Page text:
In The Idea of History, author R. G. Collingwood argues that nineteenth-century historians viewed their task in a different spirit than their predecessors. While previous generations of scholars treated history as a simple chain of events, the Romantics wanted to recreate the past through their writings. The Romantic historian, Collingwood explained, “entered sympathetically into the actions which he described; unlike the scientist who studied nature, he did not stand over the facts as mere objects for cognition; on the contrary, he threw himself into them and felt them imaginatively as experiences of his own.”
I found myself revisiting The Idea of History as I read Town of Evening Calm, Country of Cherry Blossoms, a project that might well have resonated with Collingwood’s pioneering nineteenth-century historians in its efforts to “enter sympathetically” into the lives of Hiroshima’s survivors, the hibakusha, a group both pitied and shunned by their fellow Japanese in the years following the 1945 bombing. In the introduction to Town of Evening Calm, manga-ka Fumiyo Kouno explains her approach to the subject in terms that are strikingly similar to Collingwood’s:
I always thought all I needed to know about the bomb was that it was a terrifying thing that happened once upon a time, and a subject best avoided. After living in Tokyo for a while, however, I came to realize that people outside of Hiroshima and Nagasaki didn’t really know all that much about the ravages of the atomic bomb. Unlike me, they weren’t avoiding the subject—they never had the opportunity to learn about it even if they wanted to… I hadn’t experienced the war or the bomb first-hand, but I could still draw on the words of a different time and place to reflect on peace and express my thoughts.
Kouno’s decision to focus on the hibakusha and their descendants makes Town of Evening Calm an immediate, accessible work, one less concerned with recreating a specific historical moment than in imagining what it would be like to rebuild one’s life in the aftermath of that event. It’s a wise strategy, I think, given how difficult it is to convey the horror of war without relying on dramatic devices that can trivialize survivors’ experiences.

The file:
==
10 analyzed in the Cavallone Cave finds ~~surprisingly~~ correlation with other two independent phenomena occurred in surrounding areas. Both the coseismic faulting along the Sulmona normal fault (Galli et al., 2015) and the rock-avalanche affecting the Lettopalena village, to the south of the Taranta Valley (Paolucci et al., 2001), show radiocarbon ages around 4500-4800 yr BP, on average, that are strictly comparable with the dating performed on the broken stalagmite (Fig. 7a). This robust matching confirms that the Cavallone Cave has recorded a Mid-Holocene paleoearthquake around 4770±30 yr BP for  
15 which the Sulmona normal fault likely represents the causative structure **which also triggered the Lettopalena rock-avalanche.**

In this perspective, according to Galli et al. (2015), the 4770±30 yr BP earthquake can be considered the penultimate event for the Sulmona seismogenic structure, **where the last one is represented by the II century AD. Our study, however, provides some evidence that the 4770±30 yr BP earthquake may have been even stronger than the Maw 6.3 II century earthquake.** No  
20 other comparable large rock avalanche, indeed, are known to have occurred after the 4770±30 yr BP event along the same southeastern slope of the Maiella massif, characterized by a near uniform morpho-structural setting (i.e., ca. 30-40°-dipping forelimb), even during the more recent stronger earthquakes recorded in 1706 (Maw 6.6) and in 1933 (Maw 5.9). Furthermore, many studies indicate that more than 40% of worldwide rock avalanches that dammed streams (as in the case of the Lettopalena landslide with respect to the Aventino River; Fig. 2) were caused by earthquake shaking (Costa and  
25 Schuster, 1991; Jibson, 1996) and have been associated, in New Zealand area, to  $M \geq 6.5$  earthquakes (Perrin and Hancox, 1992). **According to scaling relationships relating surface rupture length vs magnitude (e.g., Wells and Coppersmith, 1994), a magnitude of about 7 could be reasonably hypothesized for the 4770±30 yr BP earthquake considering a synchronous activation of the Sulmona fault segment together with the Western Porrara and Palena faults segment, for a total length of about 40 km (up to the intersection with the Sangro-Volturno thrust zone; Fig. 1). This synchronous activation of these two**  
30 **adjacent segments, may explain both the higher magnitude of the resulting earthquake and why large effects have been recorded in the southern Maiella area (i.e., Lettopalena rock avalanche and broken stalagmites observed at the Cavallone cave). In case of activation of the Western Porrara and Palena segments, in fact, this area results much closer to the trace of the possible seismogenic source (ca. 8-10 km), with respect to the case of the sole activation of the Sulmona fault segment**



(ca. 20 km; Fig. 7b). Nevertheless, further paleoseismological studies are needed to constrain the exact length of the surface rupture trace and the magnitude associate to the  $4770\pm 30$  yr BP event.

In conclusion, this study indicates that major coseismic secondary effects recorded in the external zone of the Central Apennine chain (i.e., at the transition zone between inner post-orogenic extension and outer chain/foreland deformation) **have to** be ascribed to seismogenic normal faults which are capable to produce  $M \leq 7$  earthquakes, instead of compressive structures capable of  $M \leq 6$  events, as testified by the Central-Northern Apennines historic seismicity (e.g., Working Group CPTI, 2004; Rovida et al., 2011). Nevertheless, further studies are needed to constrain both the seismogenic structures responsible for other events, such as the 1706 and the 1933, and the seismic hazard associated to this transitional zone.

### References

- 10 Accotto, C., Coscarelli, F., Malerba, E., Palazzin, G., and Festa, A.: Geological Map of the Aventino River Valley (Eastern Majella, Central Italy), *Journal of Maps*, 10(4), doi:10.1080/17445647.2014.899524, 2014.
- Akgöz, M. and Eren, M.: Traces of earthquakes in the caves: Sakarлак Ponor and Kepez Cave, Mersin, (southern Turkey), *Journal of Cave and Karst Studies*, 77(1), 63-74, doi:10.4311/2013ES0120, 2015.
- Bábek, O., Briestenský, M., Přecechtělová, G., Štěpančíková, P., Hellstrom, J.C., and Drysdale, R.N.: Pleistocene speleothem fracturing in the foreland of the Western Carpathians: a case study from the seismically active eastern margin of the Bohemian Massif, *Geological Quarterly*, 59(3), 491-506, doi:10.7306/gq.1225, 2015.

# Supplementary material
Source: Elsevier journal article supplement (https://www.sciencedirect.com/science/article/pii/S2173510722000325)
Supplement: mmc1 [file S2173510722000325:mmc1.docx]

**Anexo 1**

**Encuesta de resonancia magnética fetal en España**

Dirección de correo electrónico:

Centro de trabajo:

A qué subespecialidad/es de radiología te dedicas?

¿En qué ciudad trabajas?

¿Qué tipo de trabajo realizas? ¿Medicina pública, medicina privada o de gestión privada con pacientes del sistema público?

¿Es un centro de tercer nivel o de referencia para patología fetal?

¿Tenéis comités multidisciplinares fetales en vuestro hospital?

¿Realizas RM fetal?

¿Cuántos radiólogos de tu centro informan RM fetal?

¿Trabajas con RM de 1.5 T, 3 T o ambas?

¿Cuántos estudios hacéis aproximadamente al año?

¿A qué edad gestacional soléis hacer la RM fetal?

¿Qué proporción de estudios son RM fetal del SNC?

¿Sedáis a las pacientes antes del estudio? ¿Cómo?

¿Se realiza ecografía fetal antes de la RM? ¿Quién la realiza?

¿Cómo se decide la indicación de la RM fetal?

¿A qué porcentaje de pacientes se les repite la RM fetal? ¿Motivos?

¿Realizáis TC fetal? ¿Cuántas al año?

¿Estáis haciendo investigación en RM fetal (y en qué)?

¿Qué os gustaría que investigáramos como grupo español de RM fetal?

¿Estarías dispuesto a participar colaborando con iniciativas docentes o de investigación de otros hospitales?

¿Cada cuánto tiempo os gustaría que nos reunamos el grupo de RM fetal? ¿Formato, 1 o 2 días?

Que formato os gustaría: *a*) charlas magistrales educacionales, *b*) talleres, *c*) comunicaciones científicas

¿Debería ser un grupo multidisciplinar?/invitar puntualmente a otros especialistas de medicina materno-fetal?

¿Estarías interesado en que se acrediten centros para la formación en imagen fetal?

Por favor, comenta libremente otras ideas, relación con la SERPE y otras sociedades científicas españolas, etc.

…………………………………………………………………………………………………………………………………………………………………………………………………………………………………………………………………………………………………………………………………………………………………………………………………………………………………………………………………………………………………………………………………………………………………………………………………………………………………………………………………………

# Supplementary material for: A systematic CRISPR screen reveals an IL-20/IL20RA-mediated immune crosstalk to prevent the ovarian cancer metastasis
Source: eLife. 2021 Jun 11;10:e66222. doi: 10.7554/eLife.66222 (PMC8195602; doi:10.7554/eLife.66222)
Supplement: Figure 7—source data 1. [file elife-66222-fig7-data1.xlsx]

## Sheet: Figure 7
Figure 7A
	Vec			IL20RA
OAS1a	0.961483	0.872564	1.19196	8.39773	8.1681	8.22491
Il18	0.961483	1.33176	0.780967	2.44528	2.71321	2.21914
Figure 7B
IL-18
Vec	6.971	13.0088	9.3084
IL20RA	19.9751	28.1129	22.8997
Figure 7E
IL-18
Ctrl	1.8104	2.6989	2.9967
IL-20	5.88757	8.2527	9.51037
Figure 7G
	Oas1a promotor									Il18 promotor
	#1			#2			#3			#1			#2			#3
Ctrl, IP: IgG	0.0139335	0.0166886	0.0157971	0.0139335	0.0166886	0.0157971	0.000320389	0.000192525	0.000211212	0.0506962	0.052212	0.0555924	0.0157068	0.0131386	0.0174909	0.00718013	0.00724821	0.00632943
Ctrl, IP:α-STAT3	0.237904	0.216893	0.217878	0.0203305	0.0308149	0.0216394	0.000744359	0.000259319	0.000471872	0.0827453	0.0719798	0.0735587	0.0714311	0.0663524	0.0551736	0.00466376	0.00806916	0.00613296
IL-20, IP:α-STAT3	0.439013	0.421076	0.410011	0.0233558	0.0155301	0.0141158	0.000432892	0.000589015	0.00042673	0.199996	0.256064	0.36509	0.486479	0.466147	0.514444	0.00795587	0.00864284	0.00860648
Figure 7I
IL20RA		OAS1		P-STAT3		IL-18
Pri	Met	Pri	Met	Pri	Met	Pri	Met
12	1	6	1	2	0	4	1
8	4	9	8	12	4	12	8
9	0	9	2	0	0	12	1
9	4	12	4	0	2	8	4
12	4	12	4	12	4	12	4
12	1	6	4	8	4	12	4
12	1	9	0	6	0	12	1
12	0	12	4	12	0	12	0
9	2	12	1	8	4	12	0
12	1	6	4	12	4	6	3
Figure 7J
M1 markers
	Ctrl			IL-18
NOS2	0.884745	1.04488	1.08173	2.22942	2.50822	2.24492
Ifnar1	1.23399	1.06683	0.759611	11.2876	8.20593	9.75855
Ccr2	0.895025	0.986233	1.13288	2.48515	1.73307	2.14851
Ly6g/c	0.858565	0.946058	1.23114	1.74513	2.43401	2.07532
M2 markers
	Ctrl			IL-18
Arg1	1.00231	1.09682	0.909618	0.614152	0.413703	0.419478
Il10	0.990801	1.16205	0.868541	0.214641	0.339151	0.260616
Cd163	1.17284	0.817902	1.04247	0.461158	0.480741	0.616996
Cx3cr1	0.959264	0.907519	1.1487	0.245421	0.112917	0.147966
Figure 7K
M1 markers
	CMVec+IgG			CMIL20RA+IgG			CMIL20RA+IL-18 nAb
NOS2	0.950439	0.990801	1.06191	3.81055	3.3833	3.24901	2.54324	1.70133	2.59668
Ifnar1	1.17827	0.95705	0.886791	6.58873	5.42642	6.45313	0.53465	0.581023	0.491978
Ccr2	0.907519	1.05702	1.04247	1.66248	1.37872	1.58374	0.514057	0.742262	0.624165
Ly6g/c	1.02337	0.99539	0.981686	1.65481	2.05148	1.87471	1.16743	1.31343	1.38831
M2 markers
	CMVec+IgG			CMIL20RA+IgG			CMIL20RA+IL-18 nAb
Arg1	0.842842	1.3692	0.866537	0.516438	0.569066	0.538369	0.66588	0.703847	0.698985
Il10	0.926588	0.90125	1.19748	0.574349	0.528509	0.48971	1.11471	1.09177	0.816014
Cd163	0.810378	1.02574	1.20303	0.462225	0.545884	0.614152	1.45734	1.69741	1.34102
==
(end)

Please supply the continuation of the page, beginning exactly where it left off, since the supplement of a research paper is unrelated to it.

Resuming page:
Kouno’s approach is not without pitfalls, however. In her review of Town of Evening Calm, Country of Cherry Blossoms, Casey Brienza argues that Kouno portrays her characters as victims of American aggression without acknowledging Japan’s role in precipitating the bombing, a tactic that could be interpreted as a “myopic… preoccupation with [Japan’s] wartime suffering” that “allow[s] the Japanese to forget that they started the war.” At the end of the first story, for example, a woman dying of radiation sickness wonders “if the people who dropped the bomb are pleased with themselves: ‘Yes! Got another one!'” It’s a powerful moment; the character’s comment is shocking in its raw honesty, especially for American readers. It’s an ambiguous moment, too; one could certainly read a note of national self-pity into the character’s words, as she never mentions the war itself, only the suffering caused by the bomb. Yet I think this passage invites a second reading as well, as a very human attempt to make sense of tragedy, to express the character’s understandable need to know why she — a civilian — was subjected to such unimaginable horror, rather than a denial of the suffering caused by the Japanese occupation of Korea, Manchuria, and the Philippines.
In less skillful hands, scenes like these might be mawkish, but Kouno crafts an emotionally authentic story from survivor narratives, deftly moving between present and past to show us how her characters hear the echoes of August 6th in their everyday lives. The first story, “Town of Evening Calm,” focuses on Minami, a young seamstress living in Hiroshima ten years after the atomic blast. Superficially, the city seems to be healing: its downtown is bustling with activity, as is the dressmaker’s shop where Minami works. Yet subtle signs of the devastation remain, from the ramshackle houses of the residential district to the scarcity of everyday goods. (In a particularly effective scene, we see Minami walk home barefoot so as to preserve her only pair of shoes.) Minami herself bears psychic wounds from the day, as is evident in her brusque demeanor with outsiders and her staunch refusal to leave her ailing mother’s side. Underneath her bravado, we see a fearful, guilt-ridden young woman who wonders when she will succumb to the long-term effects of the radiation, who cannot escape her horrifying memories, and who mourns the disintegration of her family. (Her father and sister perished in the blast; her brother was sent to live in Mito, and had yet to return to Hiroshima.)